Movie Review – Arrival
Director : Denis Villeneuve
Year Of Release : 2016
Principal Cast : Amy Adams, Jeremy Renner, Forest Whitaker, Michael Stuhlbarg, Tzi Ma, Mark O’Brien.
Approx Running Time : 118 Minutes
Synopsis: When 12 mysterious spacecraft appear around the world, linguistics professor Louise Banks is tasked with interpreting the language of the apparent alien visitors.
It’s rapidly becoming apparent that a new film from director Denis Villeneuve (Sicario, Prisoners, Enemy) is an event not to be missed. Solidifying his reputation for creating intelligent, artistically challenging, emotionally resonant cinematic works, Villeneuve’s Arrival is not only one of the best films of 2016 but could mount a solid argument as being one of the best sci-fi films of all time. Marked by a superb performance by Amy Adams, as well as exquisite visual effects and an affecting story that slams home its gut-punch mid-film reveal, Arrival’s themes of loss, grief, tension and hope are subtly delivered in a melancholy, haunting essay on what it means to be human.
Adams plays linguistics lecturer Louise Banks, who finds herself seconded by the military following the arrival of twelve enormous spacecraft in different corners of the globe. Banks, working with theoretical physicist Ian Donnelly (Jeremy Renner), works to decipher the aliens’ language, a transcendent form of symbols that could possibly unlock human understanding of the Universe. The military commander overseeing the programme, Colonel Weber (Forest Whitaker), believes in safety and security first and foremost, although he is willing to work with Louise despite reservations as to the alien’s intentions. However, the belligerent Chinese commander, General Shang (Tzi Ma) takes a different, less peaceful stance, threatening to go to war with the aliens if they do not leave humanity alone. Louise and Ian race against the clock to unlock the aliens’ mysterious language before the chance of understanding is lost.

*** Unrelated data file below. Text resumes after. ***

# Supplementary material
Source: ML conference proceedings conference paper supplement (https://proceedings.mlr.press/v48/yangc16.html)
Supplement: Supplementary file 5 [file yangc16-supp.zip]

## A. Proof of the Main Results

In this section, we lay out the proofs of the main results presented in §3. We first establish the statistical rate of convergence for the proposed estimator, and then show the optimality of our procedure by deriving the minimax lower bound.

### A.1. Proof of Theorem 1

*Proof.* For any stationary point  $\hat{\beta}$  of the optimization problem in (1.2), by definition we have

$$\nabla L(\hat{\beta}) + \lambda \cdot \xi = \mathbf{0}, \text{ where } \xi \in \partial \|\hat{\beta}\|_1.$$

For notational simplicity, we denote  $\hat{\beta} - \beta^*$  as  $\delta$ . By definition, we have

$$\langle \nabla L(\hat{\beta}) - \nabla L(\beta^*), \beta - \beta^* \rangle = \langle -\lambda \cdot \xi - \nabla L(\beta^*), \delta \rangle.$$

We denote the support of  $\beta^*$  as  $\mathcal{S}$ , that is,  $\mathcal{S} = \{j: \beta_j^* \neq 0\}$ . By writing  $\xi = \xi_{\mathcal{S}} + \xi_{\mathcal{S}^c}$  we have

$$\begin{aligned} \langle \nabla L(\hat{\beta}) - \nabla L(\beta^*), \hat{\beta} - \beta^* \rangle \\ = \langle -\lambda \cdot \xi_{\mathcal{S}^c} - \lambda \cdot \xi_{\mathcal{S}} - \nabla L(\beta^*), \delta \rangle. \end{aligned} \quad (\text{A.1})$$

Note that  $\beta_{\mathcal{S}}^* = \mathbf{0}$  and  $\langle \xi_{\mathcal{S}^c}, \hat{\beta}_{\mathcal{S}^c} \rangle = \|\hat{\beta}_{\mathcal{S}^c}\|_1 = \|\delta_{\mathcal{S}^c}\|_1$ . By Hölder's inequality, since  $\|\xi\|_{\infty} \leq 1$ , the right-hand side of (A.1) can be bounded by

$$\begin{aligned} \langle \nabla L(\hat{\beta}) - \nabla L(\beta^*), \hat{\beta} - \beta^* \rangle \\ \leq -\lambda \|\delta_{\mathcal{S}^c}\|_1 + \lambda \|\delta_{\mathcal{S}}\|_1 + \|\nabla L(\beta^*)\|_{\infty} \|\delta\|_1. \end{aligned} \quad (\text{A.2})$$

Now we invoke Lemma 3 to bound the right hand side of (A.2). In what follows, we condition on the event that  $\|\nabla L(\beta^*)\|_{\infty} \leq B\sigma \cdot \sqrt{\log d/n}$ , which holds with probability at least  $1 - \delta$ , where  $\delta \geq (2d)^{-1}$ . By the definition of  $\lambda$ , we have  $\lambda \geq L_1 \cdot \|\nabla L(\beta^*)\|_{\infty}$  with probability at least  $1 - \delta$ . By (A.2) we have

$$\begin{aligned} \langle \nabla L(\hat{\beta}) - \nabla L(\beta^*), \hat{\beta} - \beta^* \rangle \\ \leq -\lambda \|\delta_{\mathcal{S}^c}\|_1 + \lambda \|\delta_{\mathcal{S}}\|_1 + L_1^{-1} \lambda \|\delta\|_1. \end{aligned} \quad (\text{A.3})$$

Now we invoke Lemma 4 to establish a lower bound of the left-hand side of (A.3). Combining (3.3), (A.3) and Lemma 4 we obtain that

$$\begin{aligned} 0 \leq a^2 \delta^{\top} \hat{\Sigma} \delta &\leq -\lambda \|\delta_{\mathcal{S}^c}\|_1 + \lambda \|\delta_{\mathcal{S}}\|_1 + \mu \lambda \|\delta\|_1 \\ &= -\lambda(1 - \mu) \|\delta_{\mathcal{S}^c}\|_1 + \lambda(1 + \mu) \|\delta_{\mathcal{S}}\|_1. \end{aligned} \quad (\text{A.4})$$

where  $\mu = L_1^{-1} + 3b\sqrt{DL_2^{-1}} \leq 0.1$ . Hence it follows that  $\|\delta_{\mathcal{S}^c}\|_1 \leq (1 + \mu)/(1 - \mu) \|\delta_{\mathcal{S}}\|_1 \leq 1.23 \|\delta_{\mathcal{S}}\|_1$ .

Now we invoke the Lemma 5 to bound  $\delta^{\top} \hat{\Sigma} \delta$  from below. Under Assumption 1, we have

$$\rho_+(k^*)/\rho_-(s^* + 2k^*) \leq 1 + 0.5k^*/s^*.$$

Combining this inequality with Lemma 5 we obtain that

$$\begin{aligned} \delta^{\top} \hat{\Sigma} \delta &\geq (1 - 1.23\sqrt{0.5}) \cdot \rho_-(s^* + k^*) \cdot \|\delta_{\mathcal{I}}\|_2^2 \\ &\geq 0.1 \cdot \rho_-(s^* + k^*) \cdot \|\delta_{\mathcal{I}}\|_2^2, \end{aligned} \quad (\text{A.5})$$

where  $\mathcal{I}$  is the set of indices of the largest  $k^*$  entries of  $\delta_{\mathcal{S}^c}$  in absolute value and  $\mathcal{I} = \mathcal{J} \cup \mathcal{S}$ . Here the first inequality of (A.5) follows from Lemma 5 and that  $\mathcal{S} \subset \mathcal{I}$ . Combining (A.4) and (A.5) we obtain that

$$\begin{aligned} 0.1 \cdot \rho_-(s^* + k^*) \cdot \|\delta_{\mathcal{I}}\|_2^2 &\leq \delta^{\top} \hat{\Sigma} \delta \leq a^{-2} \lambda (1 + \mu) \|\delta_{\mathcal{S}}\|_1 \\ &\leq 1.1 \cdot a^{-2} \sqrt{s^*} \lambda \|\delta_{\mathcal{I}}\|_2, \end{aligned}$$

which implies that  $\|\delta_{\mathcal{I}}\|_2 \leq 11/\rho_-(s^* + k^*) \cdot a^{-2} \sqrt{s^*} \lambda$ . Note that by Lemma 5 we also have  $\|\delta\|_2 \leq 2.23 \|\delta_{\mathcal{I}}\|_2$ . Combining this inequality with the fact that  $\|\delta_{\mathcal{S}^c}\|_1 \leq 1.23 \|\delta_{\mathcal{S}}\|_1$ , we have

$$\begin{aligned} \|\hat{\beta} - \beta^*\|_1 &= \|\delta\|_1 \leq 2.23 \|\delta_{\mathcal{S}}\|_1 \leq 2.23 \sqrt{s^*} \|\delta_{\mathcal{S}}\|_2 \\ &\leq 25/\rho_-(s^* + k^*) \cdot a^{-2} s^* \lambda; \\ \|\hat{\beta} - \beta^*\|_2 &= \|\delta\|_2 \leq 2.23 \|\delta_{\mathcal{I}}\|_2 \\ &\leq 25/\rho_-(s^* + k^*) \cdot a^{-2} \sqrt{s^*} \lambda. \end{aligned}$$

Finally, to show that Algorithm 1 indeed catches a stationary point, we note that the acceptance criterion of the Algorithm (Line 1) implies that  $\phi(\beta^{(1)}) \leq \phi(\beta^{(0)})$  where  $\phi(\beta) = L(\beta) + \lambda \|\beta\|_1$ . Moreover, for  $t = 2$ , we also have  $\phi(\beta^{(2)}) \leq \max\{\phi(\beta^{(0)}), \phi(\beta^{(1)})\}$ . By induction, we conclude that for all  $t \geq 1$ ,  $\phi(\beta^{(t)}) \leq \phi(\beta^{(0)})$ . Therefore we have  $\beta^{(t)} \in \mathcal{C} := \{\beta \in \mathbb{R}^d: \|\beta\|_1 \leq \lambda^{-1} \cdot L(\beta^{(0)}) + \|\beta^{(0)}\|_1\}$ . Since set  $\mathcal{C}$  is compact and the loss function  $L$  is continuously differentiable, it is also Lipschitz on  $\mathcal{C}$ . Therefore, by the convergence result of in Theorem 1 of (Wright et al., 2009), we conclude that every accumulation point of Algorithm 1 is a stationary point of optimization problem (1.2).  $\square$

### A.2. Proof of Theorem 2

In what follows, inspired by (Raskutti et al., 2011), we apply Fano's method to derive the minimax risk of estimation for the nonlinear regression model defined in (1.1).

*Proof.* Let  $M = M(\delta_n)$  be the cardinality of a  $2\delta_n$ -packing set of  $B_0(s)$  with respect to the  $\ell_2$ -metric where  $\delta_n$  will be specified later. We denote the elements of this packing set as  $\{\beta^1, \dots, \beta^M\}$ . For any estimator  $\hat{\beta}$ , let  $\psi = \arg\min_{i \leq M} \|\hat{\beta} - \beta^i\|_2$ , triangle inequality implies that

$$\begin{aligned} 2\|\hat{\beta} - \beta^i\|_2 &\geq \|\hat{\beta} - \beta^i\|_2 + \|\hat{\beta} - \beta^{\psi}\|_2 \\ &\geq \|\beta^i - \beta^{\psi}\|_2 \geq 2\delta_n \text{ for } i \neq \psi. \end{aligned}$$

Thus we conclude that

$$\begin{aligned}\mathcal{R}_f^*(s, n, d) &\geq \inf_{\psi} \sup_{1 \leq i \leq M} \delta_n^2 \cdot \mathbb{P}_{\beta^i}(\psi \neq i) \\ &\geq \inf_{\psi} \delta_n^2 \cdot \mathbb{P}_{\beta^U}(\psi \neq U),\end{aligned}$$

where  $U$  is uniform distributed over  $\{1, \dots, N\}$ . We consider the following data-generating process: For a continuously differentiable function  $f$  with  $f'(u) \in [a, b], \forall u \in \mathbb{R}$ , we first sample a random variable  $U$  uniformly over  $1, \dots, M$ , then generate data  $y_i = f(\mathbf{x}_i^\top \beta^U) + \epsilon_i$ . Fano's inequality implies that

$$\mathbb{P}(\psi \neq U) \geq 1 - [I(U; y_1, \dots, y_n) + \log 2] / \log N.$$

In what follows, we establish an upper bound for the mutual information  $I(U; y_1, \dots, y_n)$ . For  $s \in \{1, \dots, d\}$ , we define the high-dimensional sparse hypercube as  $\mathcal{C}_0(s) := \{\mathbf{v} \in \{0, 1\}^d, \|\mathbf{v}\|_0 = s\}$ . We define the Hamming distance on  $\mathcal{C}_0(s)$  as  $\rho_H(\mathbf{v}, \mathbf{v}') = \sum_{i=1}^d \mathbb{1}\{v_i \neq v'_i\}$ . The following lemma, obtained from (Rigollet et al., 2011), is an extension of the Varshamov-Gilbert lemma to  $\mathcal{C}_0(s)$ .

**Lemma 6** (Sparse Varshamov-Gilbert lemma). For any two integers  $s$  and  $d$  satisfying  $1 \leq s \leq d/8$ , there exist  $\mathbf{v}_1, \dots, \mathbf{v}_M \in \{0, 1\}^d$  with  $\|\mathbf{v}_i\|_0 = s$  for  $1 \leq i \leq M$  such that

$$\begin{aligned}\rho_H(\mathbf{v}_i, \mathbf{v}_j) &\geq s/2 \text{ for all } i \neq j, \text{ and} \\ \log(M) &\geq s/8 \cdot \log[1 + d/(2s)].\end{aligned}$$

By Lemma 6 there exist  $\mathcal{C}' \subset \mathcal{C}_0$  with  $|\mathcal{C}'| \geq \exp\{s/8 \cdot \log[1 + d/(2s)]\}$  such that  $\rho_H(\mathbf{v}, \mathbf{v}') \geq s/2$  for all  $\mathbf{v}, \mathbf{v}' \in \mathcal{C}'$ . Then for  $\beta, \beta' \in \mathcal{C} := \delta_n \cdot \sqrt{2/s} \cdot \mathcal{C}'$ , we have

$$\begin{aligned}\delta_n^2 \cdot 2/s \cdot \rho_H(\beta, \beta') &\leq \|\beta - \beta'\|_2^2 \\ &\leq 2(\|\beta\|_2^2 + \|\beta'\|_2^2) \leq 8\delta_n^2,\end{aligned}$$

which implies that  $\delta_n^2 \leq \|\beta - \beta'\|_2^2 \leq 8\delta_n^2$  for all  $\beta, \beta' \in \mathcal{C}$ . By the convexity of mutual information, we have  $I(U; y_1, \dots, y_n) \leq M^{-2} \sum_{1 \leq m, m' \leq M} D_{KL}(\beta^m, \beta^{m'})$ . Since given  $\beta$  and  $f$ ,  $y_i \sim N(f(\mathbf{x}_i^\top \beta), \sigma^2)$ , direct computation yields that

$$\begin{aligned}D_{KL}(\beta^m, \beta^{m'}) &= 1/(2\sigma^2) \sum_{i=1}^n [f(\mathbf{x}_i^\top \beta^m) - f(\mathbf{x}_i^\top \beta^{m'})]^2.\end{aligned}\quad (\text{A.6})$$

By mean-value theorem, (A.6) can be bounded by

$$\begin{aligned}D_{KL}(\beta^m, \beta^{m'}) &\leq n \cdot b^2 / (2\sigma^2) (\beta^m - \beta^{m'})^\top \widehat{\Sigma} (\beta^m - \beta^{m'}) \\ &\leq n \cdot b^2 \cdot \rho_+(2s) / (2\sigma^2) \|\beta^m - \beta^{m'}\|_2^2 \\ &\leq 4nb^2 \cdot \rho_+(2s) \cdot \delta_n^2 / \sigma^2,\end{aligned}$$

Were Arrival to.. er, arrive twenty or thirty years ago, there’s little doubt we’d be discussing it in the same rapturous tones as 2001: A Space Odyssey, Star Wars or The Matrix. Generationally significant films in a genre don’t come along often, and when they do we must be prepared to recognise them and applaud them for what they achieve. It’s my belief that Arrival belongs with such hallowed company. It may not boast the spiffy visual effects bombast of Star Wars, or the mind-bending philosophical underpinnings of The Matrix, nor the warp-drive epoch-spanning mystery of 2001, but Arrival offers not only a compelling emotional narrative but a distinctly taut, occasionally terrifying intellectual one. It’s a big call for such a recent film, but I’m of the opinion that Arrival’s sublime transcendence as a film will ensure its longevity in genre discussion for decades to come.
Villeneuve is a director with a particular visual style. Mixing one-part Terrence Malick (blech), several parts Christopher Nolan and Stanley Kubrick, and a smidge of Steven Spielberg, Villeneuve’s aesthetic is crisp, cool storytelling delivering precision technicality and, in what can only be described as something of a wonder, enthralling human drama. Those of you who’ve beheld the magnificence of Sicario, dwelt in the darkness of Prisoners, or argued the point about whatever Enemy was about, will understand that the man is the thinking-person’s blockbuster director, offering more than simple explosions and empty visual effects. Arrival evokes echoes of films as diverse as The Day The Earth Stood Still, Close Encounters Of The Third Kind, Robert Zemeckis’ Contact, and even Kubrick’s 2001 to a degree, but rather than simply homage those films it mixes them into something refreshing, something unique within the medium. It makes Arrival into actual moving art.